Ash Wednesday and Lent to whom

From Bible Coloring and me – The Cross and the Word.

Today it is Ash Wednesday (was yesterday WordPress kept freezing on me) and with Roana Roming, Presbyterianing, around and church not really happening, I had quite forgotten until someone on FaceBook placed a very nice meme as a reminder. Usually we would attend a special service to receive the Ashes, this year this did not happen and so everything is up in the air. We even forgot the Pan Cakes yesterday, in fact Mrs Andrew’s afternoon was spent enjoying the ambience of a Hospital Clinic.

Each year, Ash Wednesday marks the beginning of Lent and is always 46 days before Easter Sunday. Lent is a 40-day season (not counting Sundays) marked by repentance, fasting, reflection, and ultimately celebration. The 40-day period represents Christ’s time of temptation in the wilderness, where he fasted and where Satan tempted him. Lent asks believers to set aside a time each year for similar fasting, marking an intentional season of focus on Christ’s life, ministry, sacrifice, and resurrection.

So yestrday was the begnning of Lent, the season of Sacrifice, reconciliation and good intentions. But lent to whom and wherefrom?

They say it is exactly 40 days long, excluding Sundays which are catchup days of good eating before getting stuck back into Abstinence and Fasting or eating stuff we don’t like-penance. I do hope no one flagelates themselves anymore since that was a great favourite of the fanatici religiosi in years gone by. Or wear spiked bangles on their upper arms, hair shirts ad infinitem – saved on washing. Lent is a good time to save money, lose weight, need I be anymore insenitive than I am already?

During this period of reflection we ponder the life of Christ as he made his way to Jerusalem to be executed.Jesus spent 40 days in the Wilderness, after his Baptism, which for our sakes just had to be on Mardi Gras, being tempted by the Devil to take the easy way out and eat the Panakes. Another 40!

The number 40 is significant in Judaism and is reflected in the Scriptures, here is a quote from an article which explains what this numeral implies in Judaism.

The Number 40


Forty appears many times in the Bible, usually designating a time of radical transition or transformation. Among the most famous examples are these: It rained for 40 days and 40 nights during the Flood (Genesis 7). Exodus records that Moses spent 40 days on Mount Sinai with God. Forty is the number of years the Israelites were required to wander in the wilderness until they were allowed to enter Canaan. Corporeal punishment in the Torah involved 40 lashes. Elijah fasted for 40 days prior to receiving his revelation on Mount Horeb. Multiples of 40 are also common: 40,000 men rallied to Barak in the book of Judges. Read more.

So the Church continued the trend and in what is the northern Hemispere’s Spring proposed a season of penitence before Easter.

The English word Lent is a shortened form of the Old English word lencten, meaning “spring season”, as its Dutch language cognate lente (Old Dutch lentin) still does today. … The corresponding word in Latin, quadragesima (“fortieth”), is the origin of the terms used in Latin-derived languages and in some others. › wiki › Lent

Lent – Wikipedia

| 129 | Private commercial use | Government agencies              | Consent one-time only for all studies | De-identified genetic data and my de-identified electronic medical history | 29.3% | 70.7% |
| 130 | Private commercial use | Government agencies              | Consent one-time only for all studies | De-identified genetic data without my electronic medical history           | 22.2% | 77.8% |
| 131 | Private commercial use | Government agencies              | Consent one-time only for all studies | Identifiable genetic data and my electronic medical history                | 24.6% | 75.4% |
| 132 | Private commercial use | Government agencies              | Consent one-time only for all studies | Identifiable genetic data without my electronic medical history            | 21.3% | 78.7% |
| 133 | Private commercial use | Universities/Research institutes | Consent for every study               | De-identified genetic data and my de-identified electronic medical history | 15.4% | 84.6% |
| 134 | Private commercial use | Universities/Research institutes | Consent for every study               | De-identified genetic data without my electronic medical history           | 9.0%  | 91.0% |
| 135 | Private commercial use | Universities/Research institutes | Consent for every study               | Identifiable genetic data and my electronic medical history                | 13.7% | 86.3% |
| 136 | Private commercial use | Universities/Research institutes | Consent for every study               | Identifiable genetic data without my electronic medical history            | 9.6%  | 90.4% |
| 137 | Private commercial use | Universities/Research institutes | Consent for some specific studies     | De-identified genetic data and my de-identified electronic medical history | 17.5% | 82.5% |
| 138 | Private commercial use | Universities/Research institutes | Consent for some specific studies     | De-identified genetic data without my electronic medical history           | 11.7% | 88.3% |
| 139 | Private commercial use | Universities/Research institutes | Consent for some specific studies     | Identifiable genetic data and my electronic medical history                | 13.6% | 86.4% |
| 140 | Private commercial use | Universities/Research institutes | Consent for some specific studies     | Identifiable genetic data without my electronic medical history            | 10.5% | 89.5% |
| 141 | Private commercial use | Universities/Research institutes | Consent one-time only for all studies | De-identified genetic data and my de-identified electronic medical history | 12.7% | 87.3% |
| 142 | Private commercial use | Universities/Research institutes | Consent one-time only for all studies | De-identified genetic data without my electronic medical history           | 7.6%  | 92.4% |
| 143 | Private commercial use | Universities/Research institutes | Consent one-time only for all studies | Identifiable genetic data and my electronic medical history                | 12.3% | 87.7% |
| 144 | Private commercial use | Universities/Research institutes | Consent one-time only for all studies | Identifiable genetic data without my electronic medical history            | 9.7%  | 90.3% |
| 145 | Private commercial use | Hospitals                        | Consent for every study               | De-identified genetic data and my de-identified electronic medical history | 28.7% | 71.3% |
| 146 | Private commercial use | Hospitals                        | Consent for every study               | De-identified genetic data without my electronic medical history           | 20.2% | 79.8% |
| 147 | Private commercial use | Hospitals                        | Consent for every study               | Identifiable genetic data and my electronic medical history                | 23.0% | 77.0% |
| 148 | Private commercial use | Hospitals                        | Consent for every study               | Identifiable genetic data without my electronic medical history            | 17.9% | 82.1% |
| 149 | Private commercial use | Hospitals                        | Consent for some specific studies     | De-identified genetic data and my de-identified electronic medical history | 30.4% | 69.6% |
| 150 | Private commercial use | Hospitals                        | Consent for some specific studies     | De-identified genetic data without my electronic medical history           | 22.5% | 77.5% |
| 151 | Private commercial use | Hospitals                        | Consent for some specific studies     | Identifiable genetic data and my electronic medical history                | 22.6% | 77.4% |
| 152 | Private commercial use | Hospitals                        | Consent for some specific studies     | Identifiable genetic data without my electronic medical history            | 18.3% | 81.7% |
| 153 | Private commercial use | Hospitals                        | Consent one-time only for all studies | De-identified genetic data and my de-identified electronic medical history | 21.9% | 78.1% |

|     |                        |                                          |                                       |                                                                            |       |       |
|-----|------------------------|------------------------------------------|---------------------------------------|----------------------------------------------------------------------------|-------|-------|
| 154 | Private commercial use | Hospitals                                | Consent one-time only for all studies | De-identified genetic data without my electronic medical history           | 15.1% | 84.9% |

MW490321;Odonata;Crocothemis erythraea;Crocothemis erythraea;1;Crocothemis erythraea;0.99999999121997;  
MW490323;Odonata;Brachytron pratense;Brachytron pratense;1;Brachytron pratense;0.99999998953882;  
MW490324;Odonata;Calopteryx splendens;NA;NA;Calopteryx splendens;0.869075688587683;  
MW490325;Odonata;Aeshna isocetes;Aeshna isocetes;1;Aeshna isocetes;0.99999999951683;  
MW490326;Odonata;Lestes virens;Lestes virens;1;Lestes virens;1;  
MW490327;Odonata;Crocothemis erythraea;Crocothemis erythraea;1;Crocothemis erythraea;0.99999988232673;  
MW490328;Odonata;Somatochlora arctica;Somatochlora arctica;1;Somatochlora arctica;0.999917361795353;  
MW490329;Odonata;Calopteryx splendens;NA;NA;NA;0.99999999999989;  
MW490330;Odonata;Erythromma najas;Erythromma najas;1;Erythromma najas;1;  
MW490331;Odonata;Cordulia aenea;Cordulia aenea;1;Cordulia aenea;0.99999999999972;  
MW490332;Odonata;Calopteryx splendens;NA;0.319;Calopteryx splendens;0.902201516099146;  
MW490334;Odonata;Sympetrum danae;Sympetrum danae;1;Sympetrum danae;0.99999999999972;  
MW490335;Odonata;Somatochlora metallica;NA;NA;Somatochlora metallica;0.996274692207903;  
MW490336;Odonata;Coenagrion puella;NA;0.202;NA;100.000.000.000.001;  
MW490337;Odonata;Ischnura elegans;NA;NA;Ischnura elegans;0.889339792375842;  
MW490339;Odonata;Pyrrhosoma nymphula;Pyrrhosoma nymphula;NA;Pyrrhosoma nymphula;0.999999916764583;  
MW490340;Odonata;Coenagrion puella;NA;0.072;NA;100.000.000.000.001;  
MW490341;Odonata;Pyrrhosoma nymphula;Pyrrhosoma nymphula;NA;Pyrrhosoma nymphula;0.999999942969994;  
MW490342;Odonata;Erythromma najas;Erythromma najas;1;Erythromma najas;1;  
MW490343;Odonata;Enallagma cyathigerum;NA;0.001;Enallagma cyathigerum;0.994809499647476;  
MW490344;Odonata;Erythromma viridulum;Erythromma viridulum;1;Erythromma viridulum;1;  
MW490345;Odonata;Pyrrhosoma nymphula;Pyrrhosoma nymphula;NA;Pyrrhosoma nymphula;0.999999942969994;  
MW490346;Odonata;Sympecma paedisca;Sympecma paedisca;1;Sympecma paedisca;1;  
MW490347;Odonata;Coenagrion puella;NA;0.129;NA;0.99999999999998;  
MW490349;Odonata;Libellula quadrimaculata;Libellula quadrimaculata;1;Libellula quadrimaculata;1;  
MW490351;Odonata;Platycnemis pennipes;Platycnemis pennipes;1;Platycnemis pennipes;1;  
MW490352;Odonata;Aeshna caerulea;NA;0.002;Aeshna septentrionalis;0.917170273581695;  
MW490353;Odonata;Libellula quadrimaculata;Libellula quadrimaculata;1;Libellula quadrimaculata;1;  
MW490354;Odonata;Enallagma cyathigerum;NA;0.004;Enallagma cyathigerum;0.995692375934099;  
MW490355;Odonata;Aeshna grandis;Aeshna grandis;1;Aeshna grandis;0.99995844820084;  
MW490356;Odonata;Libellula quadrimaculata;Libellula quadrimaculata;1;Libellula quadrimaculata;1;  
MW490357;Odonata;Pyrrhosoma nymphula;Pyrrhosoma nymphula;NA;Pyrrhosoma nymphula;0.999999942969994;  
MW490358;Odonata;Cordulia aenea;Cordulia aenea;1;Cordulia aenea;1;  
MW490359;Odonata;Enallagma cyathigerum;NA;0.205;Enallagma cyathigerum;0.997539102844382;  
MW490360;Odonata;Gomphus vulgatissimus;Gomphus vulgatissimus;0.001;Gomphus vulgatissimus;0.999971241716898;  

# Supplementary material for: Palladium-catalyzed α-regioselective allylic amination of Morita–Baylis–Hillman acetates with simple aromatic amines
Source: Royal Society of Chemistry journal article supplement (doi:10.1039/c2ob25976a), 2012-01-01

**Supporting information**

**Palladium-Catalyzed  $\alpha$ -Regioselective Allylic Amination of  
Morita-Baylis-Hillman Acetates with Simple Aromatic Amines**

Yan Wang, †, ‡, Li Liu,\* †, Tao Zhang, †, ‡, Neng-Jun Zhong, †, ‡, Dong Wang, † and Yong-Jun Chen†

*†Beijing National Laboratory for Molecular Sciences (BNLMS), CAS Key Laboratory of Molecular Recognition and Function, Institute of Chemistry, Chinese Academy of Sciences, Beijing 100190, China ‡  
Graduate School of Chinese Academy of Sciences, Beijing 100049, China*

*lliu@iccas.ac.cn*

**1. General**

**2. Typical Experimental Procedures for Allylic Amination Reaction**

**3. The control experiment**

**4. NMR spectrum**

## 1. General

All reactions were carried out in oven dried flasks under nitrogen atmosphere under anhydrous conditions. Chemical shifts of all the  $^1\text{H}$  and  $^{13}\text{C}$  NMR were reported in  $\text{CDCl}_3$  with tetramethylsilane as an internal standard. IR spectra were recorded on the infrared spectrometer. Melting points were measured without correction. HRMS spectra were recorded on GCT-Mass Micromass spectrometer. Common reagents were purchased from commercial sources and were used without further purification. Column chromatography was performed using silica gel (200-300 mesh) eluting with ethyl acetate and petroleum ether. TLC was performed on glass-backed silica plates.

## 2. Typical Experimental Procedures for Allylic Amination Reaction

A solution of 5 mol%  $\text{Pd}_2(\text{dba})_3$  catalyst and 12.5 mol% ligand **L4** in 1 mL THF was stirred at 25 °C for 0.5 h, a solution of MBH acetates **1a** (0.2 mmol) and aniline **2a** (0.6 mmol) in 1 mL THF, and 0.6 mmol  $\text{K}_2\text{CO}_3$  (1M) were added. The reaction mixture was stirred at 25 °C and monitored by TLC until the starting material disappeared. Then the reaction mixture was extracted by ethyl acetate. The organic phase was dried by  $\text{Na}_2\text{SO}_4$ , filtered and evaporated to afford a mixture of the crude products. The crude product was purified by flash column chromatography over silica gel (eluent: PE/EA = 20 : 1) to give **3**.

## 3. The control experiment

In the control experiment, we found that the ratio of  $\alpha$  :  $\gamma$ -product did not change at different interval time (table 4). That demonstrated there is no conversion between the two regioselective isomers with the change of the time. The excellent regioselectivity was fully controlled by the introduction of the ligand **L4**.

So not lent, rather borrowed

It is a spring season for the north but speaking Liturgically it is a word simply meaning 40, and in the Anglican church the first Sunday in Lent is referred to as Quadragesima.

What of now, this season of plague and frustration fear and anger? Has lent any true meaning, I propose that it has, as we continue to live wthin uncertainty I propose that amid the whirlwind of virus we, infact, live out in our own bodies, the Tempation and suffering of Christ both in his wilderness and his Passion.

St Paul said New Living Translation
“I am glad when I suffer for you in my body, for I am participating in the sufferings of Christ that continue for his body, the church” Colossians 1:24

St. Francis of Assisi experienced the following


On September 14, 1224—feast of the Exultation of the Holy Cross—while making a retreat in the mountains of La Verna, a seraph visited St. Francis of Assisi during his prayer. The saint was asking how to better please God, so he opened the Bible several times to read God’s Word. Repeatedly he opened to the account of our Lord’s crucifixion. He sensed that it was Christ’s crucifixion that best pleased God. Read more here –

And so it was that Francis received the 5 wounds of Christ in his own body. Ours are virtual wounds but are nevertheless making up for the sufferings of Christ that continue for his Body the Church.

These are old words and 13th Century Concepts. Yes, we are called to emulate Jesus, to become as he is in his humngus love, we are called to love all as Christ who first loved us. Yet this, in its self has become a virtual exercise as we huddle away for sake of safety. And when churched, cannot offer the customary sign of peace, hugging each other – as we did.

What, then can we borrow from the Spirit of Lent to carry us through, to keep us in loving contact with others?

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About Andrew Blair

Living in Maroubra Australia. Carer for my wife Jessica. Simple web designer and Administrator; photographer, artist and theologian. We now attend the Uniting Church in Maroubra Junction where we are very happy. My greatest desire is to serve God in the capacity of an Interfaith dialoguer since this seems to be my calling since 1997

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